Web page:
Covers using an asthma action plan for asthma attacks. Includes using a peak flow meter. Explains green, yellow, and red zones in an action plan. Covers what medicines to take in each zone. Reviews what to do if an attack becomes an emergency.
Asthma: Using an Asthma Action Plan
If you or your child has
asthma that requires daily treatment, it is important
to have an asthma action plan. An asthma action plan is a written plan that
tells you what asthma medicine to take every day and how to treat an
asthma attack. It can help you make quick decisions in
case you are not able to think clearly during an attack.
action plan usually includes:
Treatment goals, which include your personal goals about your
An outline of the medicines you take daily for asthma
control and when to take them.
Steps to take and medicines to use to treat an asthma attack
early, before it becomes severe.
What to do if an attack becomes
an emergency, and where to get medical treatment.
Using an asthma action plan can help you stay active with
fewer asthma problems. Following your plan is a big step toward controlling the
disease so you can live the life you want.
Develop your plan
Work with your doctor to make an asthma action plan(What is a PDF document?)
for you or your child. The action plan is based on peak flow and asthma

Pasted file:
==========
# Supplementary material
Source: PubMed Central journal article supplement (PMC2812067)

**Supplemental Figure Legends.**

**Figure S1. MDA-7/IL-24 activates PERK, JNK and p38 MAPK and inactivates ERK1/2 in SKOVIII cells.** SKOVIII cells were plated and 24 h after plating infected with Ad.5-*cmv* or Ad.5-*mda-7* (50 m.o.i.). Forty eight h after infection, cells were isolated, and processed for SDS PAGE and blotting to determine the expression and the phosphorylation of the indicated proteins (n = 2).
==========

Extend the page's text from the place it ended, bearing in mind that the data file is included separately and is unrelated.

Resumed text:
symptoms. These help your doctor know how bad your asthma is. An action plan
The peak flow readings and symptoms for
What medicines to take in each zone.
to call a doctor.
A list of emergency contact
A list of your asthma triggers.
Let your doctor know what you want regarding asthma care. For
example, if you are not comfortable using a peak flow meter, tell your doctor.
If you make an asthma action plan for your child, give a copy to
the child's school or caregivers and make sure they know how to use it.
Follow your daily treatment, and use the asthma action plan
Take your daily medicines to help minimize
long-term damage and avoid asthma attacks.
Check your peak flow regularly, such as every morning. This is the best
way to know how well your lungs are working.
Check your action
plan to see what zone you are in.
If you are in the
green zone (peak flow is
80% to 100% of your personal best), keep taking your daily asthma medicines as
If you are in the
yellow zone (peak flow
is 50% to 79% of your personal best), you may be having or will soon have an
asthma attack. You may not have any symptoms, but your lungs are not working as
well as they should. Take the medicines listed in your action plan. If you stay
in the yellow zone, your doctor may need to increase the dose or add a
If you are in the
red zone (peak flow is less than 50% of your personal best), follow your action plan. If your symptoms or peak flow don't
improve soon, you may need to go to the emergency room or be admitted to the
asthma diary(What is a PDF document?). Write down your peak flow readings in
the asthma diary. If you have an attack, write down what caused it (if you
know), the symptoms, and what medicine you took.
Review the plan with your doctor
Take both the asthma action plan and the
asthma diary when you see your doctor. Get answers to any questions you have about your asthma plan or your symptoms. Let your doctor know if treatment
is not controlling your asthma attacks.
Take your peak flow meter
and medicines so your doctor can review your treatment.
you know how and when to call your doctor or go to the hospital.
Tell your doctor if you are having trouble following your action plan.
How this information was developed to help you make better health decisions.